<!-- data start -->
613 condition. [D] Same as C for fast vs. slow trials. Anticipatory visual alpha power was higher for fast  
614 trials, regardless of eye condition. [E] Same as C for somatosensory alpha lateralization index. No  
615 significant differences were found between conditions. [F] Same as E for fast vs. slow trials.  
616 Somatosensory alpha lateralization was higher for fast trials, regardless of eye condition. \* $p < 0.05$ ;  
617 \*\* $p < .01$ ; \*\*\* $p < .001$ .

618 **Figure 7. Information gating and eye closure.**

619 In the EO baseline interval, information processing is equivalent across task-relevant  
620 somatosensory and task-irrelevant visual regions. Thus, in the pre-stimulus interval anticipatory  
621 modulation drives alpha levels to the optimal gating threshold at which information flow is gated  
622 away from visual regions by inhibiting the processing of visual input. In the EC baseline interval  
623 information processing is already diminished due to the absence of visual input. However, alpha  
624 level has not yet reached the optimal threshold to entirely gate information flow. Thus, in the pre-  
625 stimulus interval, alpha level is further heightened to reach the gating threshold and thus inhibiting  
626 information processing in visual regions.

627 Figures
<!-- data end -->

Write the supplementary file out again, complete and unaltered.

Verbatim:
613 condition. [D] Same as C for fast vs. slow trials. Anticipatory visual alpha power was higher for fast  
614 trials, regardless of eye condition. [E] Same as C for somatosensory alpha lateralization index. No  
615 significant differences were found between conditions. [F] Same as E for fast vs. slow trials.  
616 Somatosensory alpha lateralization was higher for fast trials, regardless of eye condition. \* $p < 0.05$ ;  
617 \*\* $p < .01$ ; \*\*\* $p < .001$ .

618 **Figure 7. Information gating and eye closure.**

619 In the EO baseline interval, information processing is equivalent across task-relevant  
620 somatosensory and task-irrelevant visual regions. Thus, in the pre-stimulus interval anticipatory  
621 modulation drives alpha levels to the optimal gating threshold at which information flow is gated  
622 away from visual regions by inhibiting the processing of visual input. In the EC baseline interval  
623 information processing is already diminished due to the absence of visual input. However, alpha  
624 level has not yet reached the optimal threshold to entirely gate information flow. Thus, in the pre-  
625 stimulus interval, alpha level is further heightened to reach the gating threshold and thus inhibiting  
626 information processing in visual regions.

627 Figures